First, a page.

Galton is almost certainly incorrect in maintaining that _Fabrosaurus_ is
distinct from _Lesothosaurus_ ... that does not necisarily mean that the
material reffered to _Lesothosaurus_ has to be called _Fabrosaurus_."
True, and I never implied otherwise. I trust you're not setting up a
(5) "In the type of _Fabrosaurus_ (a partial jaw with teeth) there are no
autapomorphies and every feature is symplesiomorphic for the Ornithischia as
An ex cathedra statement of opinion, not of fact. It excludes the
possibility that the teeth of the type specimen have unique distinguishing
Let me offer the alternative opinion, paraphrased from paper in Geobios
(1992). The teeth in the holotype of _Fabrosaurus australis_ are
morphologically unique among ornithischians. The suggestion that teeth
similar or identical to those of _F. australis_ were widespread among early
ornithischians (originating with Charig & Crompton 1974) is merely a
off-the-cuff suspicion that has never been substantiated. That suggestion
is unrealistic, as it fails to acknowledge the diversity and structural
complexity of dinosaurian tooth structures. In some instances dental
characters alone, like any other morphological characters, may be
insufficient to discriminate between closely related species - e.g. among
ankylosaurs. But in other instances dental characters can certainly be used
to distinguish genera (e.g. some theropods) and higher taxa (e.g.
hadrosaurian families). Each case must be judged on its individual merits,
and not dismissed with the sweeping assumption that dinosaur teeth are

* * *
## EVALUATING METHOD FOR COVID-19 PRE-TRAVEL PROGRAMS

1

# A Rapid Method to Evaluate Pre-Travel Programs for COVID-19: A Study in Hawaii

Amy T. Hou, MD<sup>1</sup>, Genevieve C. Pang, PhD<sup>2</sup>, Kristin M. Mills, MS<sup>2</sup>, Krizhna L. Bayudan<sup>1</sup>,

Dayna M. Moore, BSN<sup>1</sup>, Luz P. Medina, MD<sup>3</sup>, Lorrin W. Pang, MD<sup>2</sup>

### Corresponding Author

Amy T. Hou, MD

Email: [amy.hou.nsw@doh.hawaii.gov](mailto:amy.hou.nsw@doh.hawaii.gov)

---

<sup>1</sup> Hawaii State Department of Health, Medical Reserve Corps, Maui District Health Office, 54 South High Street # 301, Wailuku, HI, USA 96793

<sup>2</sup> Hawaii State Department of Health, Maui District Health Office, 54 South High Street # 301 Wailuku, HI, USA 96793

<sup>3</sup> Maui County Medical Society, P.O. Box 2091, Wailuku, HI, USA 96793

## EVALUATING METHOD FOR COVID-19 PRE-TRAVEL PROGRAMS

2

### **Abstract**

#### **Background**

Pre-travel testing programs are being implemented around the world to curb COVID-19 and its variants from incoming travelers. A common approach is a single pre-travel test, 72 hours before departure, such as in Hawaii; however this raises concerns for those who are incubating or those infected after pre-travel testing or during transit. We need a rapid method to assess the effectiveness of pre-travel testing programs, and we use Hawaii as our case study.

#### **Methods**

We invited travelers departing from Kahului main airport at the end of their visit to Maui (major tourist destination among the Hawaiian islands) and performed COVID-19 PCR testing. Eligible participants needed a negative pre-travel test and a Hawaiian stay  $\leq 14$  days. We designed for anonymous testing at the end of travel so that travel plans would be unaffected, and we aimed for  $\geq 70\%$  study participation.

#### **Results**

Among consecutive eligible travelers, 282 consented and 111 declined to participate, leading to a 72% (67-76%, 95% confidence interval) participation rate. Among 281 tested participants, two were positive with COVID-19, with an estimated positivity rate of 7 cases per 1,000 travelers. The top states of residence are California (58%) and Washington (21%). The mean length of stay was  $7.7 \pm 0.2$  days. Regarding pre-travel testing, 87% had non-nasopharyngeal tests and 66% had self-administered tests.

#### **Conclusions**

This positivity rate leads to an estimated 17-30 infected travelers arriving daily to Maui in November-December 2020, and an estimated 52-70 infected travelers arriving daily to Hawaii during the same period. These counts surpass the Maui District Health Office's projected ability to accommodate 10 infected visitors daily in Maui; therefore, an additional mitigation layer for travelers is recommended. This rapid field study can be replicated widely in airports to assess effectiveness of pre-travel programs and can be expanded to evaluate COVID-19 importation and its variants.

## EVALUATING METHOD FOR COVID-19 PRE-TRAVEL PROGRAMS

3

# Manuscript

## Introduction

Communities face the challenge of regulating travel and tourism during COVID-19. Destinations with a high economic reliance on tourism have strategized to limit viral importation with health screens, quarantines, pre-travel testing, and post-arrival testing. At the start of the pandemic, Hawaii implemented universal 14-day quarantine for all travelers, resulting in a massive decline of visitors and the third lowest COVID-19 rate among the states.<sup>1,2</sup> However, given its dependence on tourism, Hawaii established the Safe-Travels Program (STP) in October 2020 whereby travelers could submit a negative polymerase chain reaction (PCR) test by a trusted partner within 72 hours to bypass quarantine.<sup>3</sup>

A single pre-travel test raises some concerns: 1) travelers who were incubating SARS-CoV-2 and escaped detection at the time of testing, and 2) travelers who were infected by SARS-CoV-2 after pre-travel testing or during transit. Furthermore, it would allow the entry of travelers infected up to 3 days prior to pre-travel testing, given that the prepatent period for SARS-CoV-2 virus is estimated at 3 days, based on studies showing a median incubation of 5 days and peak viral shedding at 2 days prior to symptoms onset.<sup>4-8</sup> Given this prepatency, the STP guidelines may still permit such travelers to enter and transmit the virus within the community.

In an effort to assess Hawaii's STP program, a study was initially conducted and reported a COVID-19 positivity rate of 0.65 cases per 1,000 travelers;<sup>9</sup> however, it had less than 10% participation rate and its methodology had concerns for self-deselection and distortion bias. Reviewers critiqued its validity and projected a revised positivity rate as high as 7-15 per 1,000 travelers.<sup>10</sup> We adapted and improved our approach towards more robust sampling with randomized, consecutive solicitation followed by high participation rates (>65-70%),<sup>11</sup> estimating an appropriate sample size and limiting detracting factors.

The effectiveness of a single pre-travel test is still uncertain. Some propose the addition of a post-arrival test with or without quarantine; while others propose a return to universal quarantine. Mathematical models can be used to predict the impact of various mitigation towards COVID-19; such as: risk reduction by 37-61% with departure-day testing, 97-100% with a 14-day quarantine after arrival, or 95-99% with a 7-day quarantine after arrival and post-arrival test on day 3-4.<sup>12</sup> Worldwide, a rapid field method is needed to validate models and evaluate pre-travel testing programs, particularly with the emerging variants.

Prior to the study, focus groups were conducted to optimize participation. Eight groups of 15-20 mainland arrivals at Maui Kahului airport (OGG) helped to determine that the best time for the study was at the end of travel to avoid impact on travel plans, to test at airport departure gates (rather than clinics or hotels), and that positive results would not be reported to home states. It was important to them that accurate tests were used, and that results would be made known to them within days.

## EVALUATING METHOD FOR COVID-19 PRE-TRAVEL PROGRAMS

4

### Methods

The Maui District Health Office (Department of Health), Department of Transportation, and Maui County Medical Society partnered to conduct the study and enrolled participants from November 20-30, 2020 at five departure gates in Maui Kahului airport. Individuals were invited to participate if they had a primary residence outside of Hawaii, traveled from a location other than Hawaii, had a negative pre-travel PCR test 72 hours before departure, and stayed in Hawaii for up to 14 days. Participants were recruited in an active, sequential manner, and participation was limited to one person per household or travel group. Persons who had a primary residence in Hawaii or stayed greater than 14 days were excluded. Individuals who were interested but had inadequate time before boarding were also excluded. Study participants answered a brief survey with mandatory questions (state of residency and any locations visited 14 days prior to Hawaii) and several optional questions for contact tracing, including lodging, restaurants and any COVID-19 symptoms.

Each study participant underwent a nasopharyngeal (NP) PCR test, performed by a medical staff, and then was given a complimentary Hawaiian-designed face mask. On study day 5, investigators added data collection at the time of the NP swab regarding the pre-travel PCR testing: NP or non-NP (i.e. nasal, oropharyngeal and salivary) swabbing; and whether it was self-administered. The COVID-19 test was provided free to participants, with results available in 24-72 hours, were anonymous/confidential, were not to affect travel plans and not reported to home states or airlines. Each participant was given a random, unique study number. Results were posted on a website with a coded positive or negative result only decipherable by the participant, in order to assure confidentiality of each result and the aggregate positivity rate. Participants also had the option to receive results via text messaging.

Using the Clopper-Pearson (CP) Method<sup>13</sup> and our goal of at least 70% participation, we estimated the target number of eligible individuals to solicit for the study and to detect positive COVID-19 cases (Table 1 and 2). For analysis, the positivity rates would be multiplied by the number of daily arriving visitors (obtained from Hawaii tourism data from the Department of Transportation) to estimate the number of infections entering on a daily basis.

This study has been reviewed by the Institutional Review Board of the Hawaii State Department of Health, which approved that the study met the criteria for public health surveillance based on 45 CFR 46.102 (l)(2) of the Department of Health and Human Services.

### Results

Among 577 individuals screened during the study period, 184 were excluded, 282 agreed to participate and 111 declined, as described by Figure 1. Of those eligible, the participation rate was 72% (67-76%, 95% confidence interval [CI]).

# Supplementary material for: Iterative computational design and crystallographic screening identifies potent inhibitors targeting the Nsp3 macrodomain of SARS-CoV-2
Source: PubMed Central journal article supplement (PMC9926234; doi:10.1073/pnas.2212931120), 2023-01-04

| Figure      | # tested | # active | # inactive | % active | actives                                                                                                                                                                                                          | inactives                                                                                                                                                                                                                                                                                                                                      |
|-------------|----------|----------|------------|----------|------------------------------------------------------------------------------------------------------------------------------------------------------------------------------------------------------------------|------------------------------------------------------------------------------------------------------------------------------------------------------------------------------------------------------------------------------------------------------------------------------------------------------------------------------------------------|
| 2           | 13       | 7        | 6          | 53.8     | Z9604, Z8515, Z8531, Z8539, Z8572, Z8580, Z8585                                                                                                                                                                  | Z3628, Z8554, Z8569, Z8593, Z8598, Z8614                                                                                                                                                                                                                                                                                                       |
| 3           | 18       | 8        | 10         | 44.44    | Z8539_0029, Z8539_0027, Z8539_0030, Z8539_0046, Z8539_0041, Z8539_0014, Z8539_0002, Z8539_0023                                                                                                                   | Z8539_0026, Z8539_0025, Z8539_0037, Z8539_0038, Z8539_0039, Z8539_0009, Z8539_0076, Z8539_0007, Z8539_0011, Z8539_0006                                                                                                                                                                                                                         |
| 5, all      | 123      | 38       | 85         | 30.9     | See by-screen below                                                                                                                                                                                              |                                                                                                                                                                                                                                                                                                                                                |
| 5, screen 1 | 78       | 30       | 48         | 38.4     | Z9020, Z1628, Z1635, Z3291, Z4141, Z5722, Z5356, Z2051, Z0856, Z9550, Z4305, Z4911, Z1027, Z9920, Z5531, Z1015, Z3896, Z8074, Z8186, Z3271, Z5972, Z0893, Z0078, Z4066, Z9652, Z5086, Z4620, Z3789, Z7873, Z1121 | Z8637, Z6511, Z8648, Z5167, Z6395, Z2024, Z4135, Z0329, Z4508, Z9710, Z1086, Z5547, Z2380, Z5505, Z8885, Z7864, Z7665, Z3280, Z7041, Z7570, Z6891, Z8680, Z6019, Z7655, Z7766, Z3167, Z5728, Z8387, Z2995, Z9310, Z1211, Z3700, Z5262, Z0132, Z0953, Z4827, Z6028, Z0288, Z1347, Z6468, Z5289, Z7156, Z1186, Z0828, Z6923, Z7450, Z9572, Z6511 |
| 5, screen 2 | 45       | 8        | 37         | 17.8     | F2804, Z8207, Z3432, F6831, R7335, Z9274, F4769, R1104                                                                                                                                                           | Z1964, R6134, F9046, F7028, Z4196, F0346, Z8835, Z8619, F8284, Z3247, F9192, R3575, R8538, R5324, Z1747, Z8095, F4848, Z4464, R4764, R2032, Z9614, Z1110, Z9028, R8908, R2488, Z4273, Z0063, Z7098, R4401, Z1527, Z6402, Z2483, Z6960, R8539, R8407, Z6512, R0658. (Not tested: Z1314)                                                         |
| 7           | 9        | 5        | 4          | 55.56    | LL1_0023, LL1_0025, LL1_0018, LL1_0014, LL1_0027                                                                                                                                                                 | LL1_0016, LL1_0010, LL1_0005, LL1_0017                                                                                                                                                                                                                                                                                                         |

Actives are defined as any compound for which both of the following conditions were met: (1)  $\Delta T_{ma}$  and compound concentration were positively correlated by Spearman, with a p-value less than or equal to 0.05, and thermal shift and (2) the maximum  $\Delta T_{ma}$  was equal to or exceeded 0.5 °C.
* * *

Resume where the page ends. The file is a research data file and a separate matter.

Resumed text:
worthless or inadequate for taxonomic purposes. In this context it may be
salutary to recall that one of the most famous dinosaurian genera,
_Iguanodon_, was founded on isolated teeth yet is universally accepted as a
determinate taxon. Given this precedent, it is reasonable to regard the
genus _Fabrosaurus_ as being adequately defined by its unique dental
morphology, exemplified in the type specimen.
OK, that's my opinion, and you choose to disagree (on philosophical
grounds). But your disagreement is inconsequential if you merely shrug
aside my opinion by asserting that there is no evidence to support it (=
"there are no autapomorphies and every feature is symplesiomorphic"). I
have published the factual evidence to substantiate my opinion; if you
choose to disagree, then please explain exactly where that factual evidence
is wrong - rather than claiming that it doesn't exist.
Using a cladistic analogy: I've offered a hypothesis [Lesothosaurus =
Fabrosaurus], and you say it's wrong. But you haven't tried to falsify that
hypothesis. Instead you've offered the ex cathedra pronouncement that
there's no evidence for it, full stop. Well, if you don't test and falsify
the hypothesis, it remains viable. (Those are my philosophical grounds!)
Conversely, I have tested and (to my satisfaction) falsified two competing
hypotheses (that F. australis is an indeterminate ornithschian, and that L.
diagnosticus is demonstrably different from F. australis).
(6) "... RUB 17 (the type of _Lesothosaurus_) does have several
Yes. It has them IN ADDITION to sharing unique dental characters with
the type of _Fabrosaurus australis_. And for that reason I regard
_Lesothosaurus diagnosticus_ Galton, 1978, as a subjective junior synonym of
_Fabrosaurus australis_ Ginsburg, 1964.
Apologies for clogging your mail-box,